After making cuts, sand any pieces that aren’t already smooth with 220-grit sandpaper. 

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Place a few ⅜” dowels underneath the plywood to hold it off the ground. The goal is to raise the plywood up enough so that the trim sits ⅜” (or slightly more) beyond the front of the plywood. 

This will allow your grid pattern to line up with the frame while also hiding the plywood edge. Technically the frame will extend an additional ⅛” beyond the dowels, but I like the slight step down. If you really want it flush, use leftover ½” plywood as a spacer instead. 

attaching trim to plywood with 18 gauge brad nailer

Using glue and 1” nails, secure the trim to the edge of the plywood. I first attached the short sides and then attached the longer sides. 


First we’ll install the horizontal grids. Place a mirror or two against the bottom trim to act as a spacer. Since we made the plywood slightly larger than needed, place the dowels above the mirrors, but not close enough where the mirrors are tight. They should still be able to slide. 

Use glue and ⅝” nails to secure the dowels in place. Be sure to slide the mirror over before firing the brad nailer, just in case the nailer misfires.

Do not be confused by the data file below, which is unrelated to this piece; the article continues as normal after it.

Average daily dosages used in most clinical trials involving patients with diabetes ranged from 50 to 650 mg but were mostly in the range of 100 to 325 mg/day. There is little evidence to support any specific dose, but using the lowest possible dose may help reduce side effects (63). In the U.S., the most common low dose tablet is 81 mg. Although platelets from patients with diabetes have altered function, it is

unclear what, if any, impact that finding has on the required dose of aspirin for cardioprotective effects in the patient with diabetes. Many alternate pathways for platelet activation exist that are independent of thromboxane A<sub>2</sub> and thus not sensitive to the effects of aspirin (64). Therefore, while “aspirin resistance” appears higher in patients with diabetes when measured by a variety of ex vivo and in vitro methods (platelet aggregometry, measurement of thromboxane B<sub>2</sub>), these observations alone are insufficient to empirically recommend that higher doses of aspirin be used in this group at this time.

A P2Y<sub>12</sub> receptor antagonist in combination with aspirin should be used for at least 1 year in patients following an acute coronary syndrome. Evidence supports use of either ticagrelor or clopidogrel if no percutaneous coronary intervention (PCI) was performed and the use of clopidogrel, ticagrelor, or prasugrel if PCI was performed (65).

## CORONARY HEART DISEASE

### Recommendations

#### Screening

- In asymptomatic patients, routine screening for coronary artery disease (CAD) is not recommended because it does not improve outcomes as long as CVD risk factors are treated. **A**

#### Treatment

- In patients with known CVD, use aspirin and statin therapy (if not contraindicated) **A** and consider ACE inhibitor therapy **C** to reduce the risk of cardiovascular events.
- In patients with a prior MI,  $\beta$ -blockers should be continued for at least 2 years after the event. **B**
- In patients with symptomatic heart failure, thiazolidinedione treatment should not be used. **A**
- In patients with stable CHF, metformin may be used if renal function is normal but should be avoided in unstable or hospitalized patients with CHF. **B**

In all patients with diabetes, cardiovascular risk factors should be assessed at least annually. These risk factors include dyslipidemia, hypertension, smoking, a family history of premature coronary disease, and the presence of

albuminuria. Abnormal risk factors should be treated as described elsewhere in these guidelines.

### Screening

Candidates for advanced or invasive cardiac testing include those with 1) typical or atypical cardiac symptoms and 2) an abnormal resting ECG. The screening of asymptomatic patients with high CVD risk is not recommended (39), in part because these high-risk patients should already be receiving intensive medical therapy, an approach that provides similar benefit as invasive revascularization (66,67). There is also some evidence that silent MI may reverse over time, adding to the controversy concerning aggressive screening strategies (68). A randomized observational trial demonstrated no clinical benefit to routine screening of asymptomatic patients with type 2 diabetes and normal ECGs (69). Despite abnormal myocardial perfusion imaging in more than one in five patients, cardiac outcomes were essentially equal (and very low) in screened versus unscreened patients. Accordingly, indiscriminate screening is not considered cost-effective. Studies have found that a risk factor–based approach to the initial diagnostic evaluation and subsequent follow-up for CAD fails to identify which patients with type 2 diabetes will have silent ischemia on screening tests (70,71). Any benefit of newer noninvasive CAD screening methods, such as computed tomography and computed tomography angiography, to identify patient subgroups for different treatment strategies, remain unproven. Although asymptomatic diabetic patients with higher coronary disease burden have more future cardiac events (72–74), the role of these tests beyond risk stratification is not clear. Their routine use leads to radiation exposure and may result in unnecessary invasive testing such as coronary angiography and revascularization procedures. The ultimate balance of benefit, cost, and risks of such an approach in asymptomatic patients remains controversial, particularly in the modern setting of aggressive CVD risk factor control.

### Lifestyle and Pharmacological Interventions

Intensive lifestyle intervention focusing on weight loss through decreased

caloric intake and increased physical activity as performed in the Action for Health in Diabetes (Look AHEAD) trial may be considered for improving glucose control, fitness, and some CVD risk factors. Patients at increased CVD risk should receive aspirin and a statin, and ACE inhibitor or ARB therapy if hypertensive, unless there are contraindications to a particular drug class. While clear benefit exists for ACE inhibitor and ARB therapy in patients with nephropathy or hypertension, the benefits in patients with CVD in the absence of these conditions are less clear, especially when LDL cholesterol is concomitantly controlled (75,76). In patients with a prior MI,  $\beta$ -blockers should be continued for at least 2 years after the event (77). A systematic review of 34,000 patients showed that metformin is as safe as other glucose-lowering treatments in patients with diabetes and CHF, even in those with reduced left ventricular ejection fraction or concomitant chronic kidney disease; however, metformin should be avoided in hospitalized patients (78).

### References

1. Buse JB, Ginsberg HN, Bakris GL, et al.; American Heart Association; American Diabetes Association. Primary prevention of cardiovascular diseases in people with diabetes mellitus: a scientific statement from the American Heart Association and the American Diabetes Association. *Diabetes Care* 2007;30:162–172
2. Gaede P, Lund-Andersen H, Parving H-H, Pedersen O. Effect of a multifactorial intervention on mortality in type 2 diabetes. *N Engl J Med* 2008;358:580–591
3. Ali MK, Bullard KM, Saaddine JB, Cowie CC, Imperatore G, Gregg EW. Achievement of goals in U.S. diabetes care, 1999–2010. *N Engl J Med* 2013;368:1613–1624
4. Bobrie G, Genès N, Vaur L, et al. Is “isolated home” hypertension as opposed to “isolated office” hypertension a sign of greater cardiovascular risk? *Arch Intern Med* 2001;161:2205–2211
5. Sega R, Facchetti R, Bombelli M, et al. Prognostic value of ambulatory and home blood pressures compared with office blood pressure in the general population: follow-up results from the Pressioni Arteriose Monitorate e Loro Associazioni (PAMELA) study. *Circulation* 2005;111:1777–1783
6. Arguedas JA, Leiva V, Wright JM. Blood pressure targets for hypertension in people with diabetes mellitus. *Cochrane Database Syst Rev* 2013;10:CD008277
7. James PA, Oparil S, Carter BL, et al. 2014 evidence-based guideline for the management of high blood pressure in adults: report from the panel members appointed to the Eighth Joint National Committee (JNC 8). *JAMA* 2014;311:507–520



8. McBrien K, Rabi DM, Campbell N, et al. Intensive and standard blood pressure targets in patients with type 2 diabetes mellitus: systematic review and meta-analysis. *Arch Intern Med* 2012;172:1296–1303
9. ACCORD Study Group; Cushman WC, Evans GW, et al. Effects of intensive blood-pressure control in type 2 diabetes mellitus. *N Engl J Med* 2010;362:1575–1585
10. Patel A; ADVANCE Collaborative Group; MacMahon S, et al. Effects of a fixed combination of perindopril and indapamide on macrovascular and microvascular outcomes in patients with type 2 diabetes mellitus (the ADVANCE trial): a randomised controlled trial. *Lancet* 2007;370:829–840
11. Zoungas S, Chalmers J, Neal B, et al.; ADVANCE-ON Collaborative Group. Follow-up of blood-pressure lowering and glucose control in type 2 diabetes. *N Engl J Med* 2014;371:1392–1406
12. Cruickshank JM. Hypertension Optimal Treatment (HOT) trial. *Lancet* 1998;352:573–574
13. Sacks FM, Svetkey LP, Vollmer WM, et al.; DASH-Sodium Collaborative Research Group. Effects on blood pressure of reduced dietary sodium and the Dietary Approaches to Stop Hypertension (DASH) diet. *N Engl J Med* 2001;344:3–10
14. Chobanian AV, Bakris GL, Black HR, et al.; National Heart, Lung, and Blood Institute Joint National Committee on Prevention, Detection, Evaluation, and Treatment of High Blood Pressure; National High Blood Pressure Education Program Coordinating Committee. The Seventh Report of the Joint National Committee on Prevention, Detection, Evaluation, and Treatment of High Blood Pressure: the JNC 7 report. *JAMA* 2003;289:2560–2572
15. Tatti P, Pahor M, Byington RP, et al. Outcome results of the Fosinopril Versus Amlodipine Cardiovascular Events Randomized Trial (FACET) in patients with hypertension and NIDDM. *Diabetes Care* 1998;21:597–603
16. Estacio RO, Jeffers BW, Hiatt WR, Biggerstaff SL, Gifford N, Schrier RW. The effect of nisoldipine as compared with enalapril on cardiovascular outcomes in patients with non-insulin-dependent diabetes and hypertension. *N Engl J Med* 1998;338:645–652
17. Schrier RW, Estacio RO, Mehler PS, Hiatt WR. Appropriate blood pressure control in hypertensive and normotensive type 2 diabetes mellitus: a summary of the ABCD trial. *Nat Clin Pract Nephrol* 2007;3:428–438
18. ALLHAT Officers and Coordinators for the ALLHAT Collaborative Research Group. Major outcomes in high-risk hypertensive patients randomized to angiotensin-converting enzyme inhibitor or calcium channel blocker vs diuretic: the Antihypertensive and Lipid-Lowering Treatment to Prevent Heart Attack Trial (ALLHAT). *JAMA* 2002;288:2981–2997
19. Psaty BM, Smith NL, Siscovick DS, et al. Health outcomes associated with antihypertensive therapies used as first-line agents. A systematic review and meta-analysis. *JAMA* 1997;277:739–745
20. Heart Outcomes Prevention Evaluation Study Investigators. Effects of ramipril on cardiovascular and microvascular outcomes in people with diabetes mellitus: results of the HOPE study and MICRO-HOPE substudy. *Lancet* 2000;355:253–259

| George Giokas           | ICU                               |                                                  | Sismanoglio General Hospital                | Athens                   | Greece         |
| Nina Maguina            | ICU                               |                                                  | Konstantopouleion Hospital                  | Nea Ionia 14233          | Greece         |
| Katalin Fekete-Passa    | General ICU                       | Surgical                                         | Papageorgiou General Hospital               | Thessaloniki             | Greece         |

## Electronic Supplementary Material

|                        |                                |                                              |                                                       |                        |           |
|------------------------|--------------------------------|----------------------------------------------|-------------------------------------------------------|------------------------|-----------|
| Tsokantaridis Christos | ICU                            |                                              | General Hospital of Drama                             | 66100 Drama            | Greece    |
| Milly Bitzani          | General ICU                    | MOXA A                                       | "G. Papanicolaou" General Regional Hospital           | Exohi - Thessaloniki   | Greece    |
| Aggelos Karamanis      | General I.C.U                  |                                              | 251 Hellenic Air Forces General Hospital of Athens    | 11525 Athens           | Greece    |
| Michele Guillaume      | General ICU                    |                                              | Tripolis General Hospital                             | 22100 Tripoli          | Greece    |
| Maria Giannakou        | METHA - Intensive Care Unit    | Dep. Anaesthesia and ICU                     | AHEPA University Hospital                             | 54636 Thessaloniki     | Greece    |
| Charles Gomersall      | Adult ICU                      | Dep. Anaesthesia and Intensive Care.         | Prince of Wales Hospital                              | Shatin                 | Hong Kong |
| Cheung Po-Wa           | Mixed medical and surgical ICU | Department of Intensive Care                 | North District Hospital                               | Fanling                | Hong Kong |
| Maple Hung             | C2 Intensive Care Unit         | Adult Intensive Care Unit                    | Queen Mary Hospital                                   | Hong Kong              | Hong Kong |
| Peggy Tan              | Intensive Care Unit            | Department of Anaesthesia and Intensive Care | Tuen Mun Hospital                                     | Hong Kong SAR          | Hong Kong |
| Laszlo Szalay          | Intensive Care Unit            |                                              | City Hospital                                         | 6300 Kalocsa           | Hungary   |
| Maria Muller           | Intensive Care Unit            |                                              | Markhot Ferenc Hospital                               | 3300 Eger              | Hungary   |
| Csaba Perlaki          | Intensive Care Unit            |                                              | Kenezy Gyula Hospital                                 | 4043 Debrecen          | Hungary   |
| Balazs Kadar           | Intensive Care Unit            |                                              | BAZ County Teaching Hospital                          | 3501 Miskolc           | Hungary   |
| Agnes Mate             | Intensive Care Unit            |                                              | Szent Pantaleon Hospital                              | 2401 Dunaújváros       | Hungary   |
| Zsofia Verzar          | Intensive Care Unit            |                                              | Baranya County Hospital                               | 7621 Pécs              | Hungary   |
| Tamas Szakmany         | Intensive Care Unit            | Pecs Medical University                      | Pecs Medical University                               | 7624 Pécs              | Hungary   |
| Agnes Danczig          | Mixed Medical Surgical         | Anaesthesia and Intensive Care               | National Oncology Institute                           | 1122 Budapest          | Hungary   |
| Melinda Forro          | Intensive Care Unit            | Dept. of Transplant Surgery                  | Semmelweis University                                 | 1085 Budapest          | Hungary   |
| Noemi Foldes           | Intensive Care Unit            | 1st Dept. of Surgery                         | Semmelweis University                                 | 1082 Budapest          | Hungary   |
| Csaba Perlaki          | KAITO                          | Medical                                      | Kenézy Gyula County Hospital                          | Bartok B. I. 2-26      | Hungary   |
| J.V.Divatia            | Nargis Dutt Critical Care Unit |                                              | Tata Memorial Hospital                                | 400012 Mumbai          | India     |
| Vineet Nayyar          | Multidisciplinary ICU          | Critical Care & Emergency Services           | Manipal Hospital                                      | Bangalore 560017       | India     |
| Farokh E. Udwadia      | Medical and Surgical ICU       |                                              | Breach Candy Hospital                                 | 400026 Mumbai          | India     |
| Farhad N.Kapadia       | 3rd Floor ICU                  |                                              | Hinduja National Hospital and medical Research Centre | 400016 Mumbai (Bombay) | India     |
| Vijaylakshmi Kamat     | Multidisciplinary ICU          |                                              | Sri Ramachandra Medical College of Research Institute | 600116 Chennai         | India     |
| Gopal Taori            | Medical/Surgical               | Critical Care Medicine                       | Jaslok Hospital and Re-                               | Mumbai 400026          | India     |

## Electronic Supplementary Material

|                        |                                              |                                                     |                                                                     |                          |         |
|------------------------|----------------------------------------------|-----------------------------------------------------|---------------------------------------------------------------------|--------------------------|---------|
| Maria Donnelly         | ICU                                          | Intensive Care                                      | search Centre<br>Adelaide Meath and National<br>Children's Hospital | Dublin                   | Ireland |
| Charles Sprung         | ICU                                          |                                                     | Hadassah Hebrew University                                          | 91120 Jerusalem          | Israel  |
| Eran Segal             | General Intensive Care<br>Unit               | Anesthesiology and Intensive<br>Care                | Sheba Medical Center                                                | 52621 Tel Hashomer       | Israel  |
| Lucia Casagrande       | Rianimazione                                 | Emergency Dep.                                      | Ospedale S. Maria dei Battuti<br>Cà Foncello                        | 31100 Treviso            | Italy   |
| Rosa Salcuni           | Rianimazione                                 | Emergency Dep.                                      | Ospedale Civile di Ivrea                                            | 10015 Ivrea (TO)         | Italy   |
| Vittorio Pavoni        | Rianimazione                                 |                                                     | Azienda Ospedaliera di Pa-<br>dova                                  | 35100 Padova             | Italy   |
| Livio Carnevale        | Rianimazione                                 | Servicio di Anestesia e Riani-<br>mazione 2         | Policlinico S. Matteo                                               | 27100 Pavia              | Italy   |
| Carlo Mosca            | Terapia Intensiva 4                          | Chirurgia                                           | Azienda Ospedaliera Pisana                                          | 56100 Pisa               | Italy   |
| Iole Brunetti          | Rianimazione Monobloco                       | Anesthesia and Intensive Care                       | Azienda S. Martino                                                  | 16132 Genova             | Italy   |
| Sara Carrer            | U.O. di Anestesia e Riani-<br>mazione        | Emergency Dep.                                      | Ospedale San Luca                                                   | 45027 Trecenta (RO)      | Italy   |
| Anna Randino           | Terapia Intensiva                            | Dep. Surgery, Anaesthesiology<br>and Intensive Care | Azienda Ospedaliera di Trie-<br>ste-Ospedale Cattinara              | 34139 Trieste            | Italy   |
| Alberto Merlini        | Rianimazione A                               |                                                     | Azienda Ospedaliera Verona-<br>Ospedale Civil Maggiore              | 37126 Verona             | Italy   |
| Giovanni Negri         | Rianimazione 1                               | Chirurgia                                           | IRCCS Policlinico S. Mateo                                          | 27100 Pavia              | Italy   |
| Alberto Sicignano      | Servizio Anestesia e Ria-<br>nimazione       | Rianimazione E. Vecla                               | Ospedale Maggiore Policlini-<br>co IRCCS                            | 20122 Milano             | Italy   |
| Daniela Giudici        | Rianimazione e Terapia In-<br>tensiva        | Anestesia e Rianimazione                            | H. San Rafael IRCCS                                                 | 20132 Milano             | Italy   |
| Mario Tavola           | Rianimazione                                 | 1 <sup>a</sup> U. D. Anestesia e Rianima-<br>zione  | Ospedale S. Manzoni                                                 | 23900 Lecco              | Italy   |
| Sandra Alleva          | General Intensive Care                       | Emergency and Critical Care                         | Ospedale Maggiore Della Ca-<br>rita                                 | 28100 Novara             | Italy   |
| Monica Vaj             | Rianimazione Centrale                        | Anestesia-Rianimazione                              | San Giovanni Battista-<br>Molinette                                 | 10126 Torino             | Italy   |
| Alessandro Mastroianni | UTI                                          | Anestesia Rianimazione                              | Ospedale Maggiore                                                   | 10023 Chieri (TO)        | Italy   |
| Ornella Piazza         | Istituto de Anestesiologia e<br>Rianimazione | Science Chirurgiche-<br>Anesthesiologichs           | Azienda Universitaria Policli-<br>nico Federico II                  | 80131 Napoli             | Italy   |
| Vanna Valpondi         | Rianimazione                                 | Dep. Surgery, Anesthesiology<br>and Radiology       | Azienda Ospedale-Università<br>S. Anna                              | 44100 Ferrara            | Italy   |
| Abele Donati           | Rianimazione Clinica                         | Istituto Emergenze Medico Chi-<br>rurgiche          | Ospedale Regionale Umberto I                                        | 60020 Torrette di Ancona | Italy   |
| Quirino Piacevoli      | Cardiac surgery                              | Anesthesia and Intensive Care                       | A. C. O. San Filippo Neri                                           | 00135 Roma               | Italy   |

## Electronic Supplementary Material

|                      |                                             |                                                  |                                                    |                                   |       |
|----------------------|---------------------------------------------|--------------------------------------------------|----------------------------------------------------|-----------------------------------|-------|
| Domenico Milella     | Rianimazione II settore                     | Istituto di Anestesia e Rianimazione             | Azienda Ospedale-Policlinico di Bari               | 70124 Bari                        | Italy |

Now move the mirrors above the dowel you just added and repeat until you get to the top.

Once the horizontal slats are installed, it’s time to repeat the process with the vertical slats. This is when the suction cup really comes in handy. 

installing dowels to plywood to create grid pattern for mirror tiles

Place the mirror in the first “slot” and place your dowel. Before using the nailer, use the suction cup to remove the mirror. Repeat until all the dowels are installed. 


Before breaking out the spray paint, fill any nail holes with wood filler or spackle and sand off the excess. 

Spray paint the grid and frame. No need to spray where the mirrors are going to go, but make sure to spray all the sides of the grids. 


After letting your spray paint dry for 15-30 minutes, it’s time to install the mirrors! I used Titebond Quick and Thick glue for this. You’ll use close to the full bottle on this mirror. 

Add some glue to a hole or two and then place a mirror. Hold in place for 10-15 seconds and then repeat with the remaining mirrors. 

gluing mirror tiles to frame using Titebond quick and thick glue

After letting the glue dry for a few hours, it’s time to put your mirror up and style it! 

tall grid mirror slanted against wall next to white chair in room painted with Sherwin Williams Debonair

There you have it! Now you know how to build your very own DIY large grid mirror! If your mirror tiles look a little foggy, try spraying them with a mixture of 1:1 distilled white vinegar and water. I tried a handful of different cleaning solutions and that’s what finally worked for me!

before and after cleaning the mirror with vinegar solution
make this DIY large grid mirror text overlay on images of making the mirror
Free download wood sizing cheatsheet